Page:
The """"""""stress hormone"""""""" cortisol has been studied in depression for decades. However, relatively little is known about the role of cortisol in psychological features of depression. Basic research shows that cortisol modulates brain processes that are highly relevant to depression (especially the neural substrates of negative biases in learning and memory formation). However, very few studies have directly examined the effects of cortisol on neural circuitry of learning in depressed humans. In addition, basic research shows that the effects of cortisol on the neural substrates of learning differ for males and females. The toll of depression is especially high in women, who are roughly twice as likely as men to suffer from depression. Thus, the primary goal of this project is to investigate the effects of cortisol on the neural circuitry of learning in depressed women. A secondary goal is to investigate whether early life adversity moderates cortisol's effects on neural circuitry of learning. Animal data suggests that early life adversity causes life-long biases toward learning in threatening conditions associated with elevated cortisol. In addition, new data from humans suggests that alterations in cortisol traditionally ascribed to depression may stem in part from early adversity rather than depression per se. Thus, this study will examine effects of cortisol on neural circuitry of learning in depressed and healthy women with and without history of early life adversity. The study will use pharmacological manipulation of cortisol levels (compared to placebo) during measurement of brain activity at rest and during memory encoding of emotional and neutral stimuli. The study will also measure whether cortisol exacerbates (or instills) the negative biases in emotional memory often seen in depression. In doing so, the study will examine the role of cortisol in neural networks associated with emotional learning that are often implicated in depression. Medications that target cortisol receptors in the brain may be beneficial in the treatment of depression. However, this knowledge has yet to inform clinical practice, and mechanisms of action of these medications are not well understood. This project is significant because it provides the prerequisite knowledge (and develops a paradigm) that can be used in the development of more effective targeted intervention strategies. The project is innovative because it brings the vast literature of cortisol's effects on learning to research on depression. """"""""Learning"""""""" broadly refers to acquisition of relevant knowledge and the capacity to adaptively alter one's behavior to meet demands of the environment. At the core of depression is difficulty adapting to and engaging with one's environmental context, especially in the face of stressors. Recovery from depression (whether treated medically or behaviorally) requires neural changes supporting adaptation to one's environment. Thus, the project translates information from animal to human research suggesting that recovery from depression entails amelioration of stress-related alterations in neural processes underlying learning.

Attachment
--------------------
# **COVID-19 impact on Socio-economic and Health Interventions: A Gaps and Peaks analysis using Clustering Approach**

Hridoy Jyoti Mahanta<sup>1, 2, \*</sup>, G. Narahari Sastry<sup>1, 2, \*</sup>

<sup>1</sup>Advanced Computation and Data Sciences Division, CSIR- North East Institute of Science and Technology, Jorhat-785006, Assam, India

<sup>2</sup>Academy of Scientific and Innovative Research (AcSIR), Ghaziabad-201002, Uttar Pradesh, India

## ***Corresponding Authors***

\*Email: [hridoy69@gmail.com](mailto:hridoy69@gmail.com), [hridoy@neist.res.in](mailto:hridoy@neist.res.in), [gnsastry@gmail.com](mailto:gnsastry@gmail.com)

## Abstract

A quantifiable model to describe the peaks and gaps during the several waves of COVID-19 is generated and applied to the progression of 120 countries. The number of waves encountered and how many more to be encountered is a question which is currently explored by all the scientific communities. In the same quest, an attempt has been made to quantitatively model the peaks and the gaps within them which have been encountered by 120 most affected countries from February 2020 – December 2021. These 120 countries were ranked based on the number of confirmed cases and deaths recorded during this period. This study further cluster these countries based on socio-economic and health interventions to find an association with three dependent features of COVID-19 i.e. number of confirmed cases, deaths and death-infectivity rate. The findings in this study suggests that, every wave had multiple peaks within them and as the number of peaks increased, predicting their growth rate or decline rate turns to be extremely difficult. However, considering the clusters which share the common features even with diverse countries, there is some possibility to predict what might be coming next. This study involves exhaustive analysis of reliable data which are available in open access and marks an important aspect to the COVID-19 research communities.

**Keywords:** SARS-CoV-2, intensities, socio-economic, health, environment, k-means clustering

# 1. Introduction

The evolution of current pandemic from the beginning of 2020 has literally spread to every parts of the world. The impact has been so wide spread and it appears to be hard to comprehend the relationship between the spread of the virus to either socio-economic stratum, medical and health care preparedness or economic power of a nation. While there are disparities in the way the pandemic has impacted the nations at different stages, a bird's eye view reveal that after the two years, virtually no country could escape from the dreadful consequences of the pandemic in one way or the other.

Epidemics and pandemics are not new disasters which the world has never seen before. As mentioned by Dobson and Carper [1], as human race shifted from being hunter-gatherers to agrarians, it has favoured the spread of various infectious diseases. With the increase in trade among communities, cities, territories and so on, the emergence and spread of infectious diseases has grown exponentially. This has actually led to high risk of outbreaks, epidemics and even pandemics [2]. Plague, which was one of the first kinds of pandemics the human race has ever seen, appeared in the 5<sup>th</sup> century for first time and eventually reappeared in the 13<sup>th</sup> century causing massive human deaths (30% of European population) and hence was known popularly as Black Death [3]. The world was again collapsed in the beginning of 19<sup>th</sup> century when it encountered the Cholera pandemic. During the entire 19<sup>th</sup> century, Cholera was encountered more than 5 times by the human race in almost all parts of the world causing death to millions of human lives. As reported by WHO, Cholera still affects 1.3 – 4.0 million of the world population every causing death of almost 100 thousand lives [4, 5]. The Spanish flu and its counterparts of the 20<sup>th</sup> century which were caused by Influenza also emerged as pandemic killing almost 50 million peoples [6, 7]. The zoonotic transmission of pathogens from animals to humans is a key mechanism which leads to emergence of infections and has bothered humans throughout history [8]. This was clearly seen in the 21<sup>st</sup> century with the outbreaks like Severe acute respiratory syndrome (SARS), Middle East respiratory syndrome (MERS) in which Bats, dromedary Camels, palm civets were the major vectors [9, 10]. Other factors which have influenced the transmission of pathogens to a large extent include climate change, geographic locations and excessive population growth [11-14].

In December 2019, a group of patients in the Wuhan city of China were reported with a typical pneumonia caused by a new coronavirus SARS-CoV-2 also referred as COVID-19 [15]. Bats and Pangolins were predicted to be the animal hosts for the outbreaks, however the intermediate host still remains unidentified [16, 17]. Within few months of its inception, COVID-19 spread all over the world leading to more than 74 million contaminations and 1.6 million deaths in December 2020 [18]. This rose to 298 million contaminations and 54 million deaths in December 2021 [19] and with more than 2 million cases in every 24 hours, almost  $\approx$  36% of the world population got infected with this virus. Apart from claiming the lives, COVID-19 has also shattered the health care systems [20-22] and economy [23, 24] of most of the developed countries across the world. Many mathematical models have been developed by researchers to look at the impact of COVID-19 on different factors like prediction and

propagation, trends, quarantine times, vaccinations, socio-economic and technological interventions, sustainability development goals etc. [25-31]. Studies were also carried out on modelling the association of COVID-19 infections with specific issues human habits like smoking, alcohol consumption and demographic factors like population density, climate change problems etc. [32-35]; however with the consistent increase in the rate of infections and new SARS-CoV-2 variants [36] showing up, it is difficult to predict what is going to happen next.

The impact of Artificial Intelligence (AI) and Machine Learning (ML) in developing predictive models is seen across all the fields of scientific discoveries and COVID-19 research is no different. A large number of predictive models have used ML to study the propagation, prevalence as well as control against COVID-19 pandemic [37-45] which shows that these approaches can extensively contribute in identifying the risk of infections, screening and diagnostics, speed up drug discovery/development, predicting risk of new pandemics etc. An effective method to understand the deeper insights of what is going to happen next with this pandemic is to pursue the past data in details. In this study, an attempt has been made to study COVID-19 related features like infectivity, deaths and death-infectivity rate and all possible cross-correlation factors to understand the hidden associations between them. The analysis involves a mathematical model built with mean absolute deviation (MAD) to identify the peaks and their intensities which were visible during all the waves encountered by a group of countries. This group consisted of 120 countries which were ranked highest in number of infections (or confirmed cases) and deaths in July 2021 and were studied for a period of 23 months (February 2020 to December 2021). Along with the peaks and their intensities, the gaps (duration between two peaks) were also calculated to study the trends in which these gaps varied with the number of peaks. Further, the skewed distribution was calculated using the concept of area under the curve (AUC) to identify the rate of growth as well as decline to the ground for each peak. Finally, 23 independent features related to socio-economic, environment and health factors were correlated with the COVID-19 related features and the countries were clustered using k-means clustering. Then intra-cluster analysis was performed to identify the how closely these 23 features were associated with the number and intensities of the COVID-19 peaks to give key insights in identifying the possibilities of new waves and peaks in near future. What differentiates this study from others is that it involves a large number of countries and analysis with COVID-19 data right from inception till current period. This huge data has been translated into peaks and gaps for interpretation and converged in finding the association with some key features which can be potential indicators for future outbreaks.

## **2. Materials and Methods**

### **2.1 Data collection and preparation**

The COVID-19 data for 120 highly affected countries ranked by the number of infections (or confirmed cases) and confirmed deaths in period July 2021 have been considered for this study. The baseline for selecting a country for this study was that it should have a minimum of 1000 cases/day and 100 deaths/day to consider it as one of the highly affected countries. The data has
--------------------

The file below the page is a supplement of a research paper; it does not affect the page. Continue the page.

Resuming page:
Public Health Relevance

Depressive disorders are a major public health concern, and the toll of depression is especially high for women. The proposed research will 1) contribute novel information about the relation between neurophysiological and cognitive mechanisms in women with depression, and 2) contribute knowledge regarding the differentiation of depressive subtypes. The project will provide basic information and a research paradigm that can be used in the development of more effective targeted intervention strategies.

National Institute of Health (NIH)
National Institute of Mental Health (NIMH)
Research Project (R01)
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Study Section
Biobehavioral Mechanisms of Emotion, Stress and Health Study Section (MESH)
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Rumsey, Judith M
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University of Wisconsin Madison
Schools of Medicine
United States
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